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Bible Stories for Elementary Age: How Children Learn God’s Word

Bible stories for elementary age

As children grow, their attention spans and understanding levels change. So it’s important for Sunday school teachers and children’s ministry workers to adapt lessons accordingly. Find out how to teach Bible stories for elementary age, from toddlers to tweens.

These “Age-Level Insights” from Children’s Ministry Magazine will help you discover how young students learn Bible stories.

Bible Stories for Elementary Age: 2 to 5 Years

Young children like to be read to with age-appropriate books. They like pictures, age-appropriate terminology and simple wording. Their attention span is only two to 10 minutes. Preschool children like to interact with objects. They learn by touching objects and through repetition.

Ways to Teach

Paraphrase Bible stories and highlight only main points. For example, say: “God chose Noah to save all the animals from the flood. He told Noah to build an ark. An ark is a large boat. Noah brought in the animals. The flood came. Finally, the ark landed on dry land and God made a rainbow.” Tell the story using objects, such as storybooks, stuffed animals or a wooden animal and boat set. Allow children to play with the objects after the story. Remind children about or repeat the story as they play. Reinforce the story with an activity such as an animal craft, song or game.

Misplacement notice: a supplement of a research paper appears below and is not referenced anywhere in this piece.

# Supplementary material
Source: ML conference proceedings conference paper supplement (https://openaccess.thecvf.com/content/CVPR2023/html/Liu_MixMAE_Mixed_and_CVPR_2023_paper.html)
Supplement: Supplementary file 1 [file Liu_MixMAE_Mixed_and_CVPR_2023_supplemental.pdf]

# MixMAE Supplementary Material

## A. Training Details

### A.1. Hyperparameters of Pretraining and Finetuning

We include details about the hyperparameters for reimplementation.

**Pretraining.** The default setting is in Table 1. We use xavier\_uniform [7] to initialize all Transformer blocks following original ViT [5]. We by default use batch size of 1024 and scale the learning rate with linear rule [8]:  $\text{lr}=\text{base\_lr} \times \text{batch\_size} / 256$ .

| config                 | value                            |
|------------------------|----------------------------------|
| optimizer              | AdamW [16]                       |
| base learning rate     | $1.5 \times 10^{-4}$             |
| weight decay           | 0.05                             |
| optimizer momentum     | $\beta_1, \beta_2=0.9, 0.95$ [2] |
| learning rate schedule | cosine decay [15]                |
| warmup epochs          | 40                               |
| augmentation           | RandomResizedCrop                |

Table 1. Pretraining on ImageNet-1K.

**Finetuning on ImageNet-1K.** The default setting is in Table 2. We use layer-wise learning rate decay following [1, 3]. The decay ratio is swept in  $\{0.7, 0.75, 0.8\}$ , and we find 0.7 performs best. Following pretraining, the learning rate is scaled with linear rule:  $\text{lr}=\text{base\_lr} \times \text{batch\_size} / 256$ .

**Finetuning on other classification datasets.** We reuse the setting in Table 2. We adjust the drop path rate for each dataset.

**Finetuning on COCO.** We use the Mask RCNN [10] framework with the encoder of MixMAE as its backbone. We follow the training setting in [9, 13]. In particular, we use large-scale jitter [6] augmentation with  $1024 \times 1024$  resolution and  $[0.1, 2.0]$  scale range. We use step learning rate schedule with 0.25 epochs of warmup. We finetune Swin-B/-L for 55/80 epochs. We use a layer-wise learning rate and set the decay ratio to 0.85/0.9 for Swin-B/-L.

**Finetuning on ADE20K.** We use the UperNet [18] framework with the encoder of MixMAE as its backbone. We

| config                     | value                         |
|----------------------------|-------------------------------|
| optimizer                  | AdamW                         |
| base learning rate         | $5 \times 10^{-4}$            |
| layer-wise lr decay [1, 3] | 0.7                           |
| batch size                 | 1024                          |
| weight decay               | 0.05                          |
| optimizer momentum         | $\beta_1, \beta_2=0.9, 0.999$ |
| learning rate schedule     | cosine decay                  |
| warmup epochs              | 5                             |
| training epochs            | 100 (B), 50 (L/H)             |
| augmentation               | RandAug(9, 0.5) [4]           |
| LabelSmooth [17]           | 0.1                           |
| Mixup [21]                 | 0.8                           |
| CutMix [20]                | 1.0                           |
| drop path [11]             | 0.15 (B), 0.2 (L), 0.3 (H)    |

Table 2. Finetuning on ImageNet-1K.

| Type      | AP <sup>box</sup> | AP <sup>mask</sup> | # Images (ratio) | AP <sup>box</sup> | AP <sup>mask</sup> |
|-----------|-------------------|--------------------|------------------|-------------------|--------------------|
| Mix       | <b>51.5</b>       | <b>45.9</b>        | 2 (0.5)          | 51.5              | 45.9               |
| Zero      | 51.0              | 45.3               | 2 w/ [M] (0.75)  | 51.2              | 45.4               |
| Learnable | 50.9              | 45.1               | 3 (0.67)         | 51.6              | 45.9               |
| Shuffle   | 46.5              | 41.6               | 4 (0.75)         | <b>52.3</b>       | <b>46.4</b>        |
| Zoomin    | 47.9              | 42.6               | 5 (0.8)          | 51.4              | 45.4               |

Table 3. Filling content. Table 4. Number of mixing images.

Bible Stories for Elementary Age: 6 to 9 Years

By this age, children’s attention span is 10 to 20 minutes. They understand more details. Objects hold their attention during story time. Children love to be a part of and interact with the story. Children think concretely and focus on the parts and actions of the story.

Ways to Teach

Provide details. For example, say: “God wasn’t happy with people on earth. But Noah made God happy because Noah obeyed. People made fun of Noah and his family when Noah obeyed God.” Have children act out the story, playing different parts such as Noah, his family, friends and animals. Let children tell the story in their own words. Highlight only one main point with one direct application.

For example, say: “Noah obeyed God. We can obey God too.” Reinforce the story with crafts, games or other activities. For example, play Simon Says, and focus on the importance of obeying the leader.

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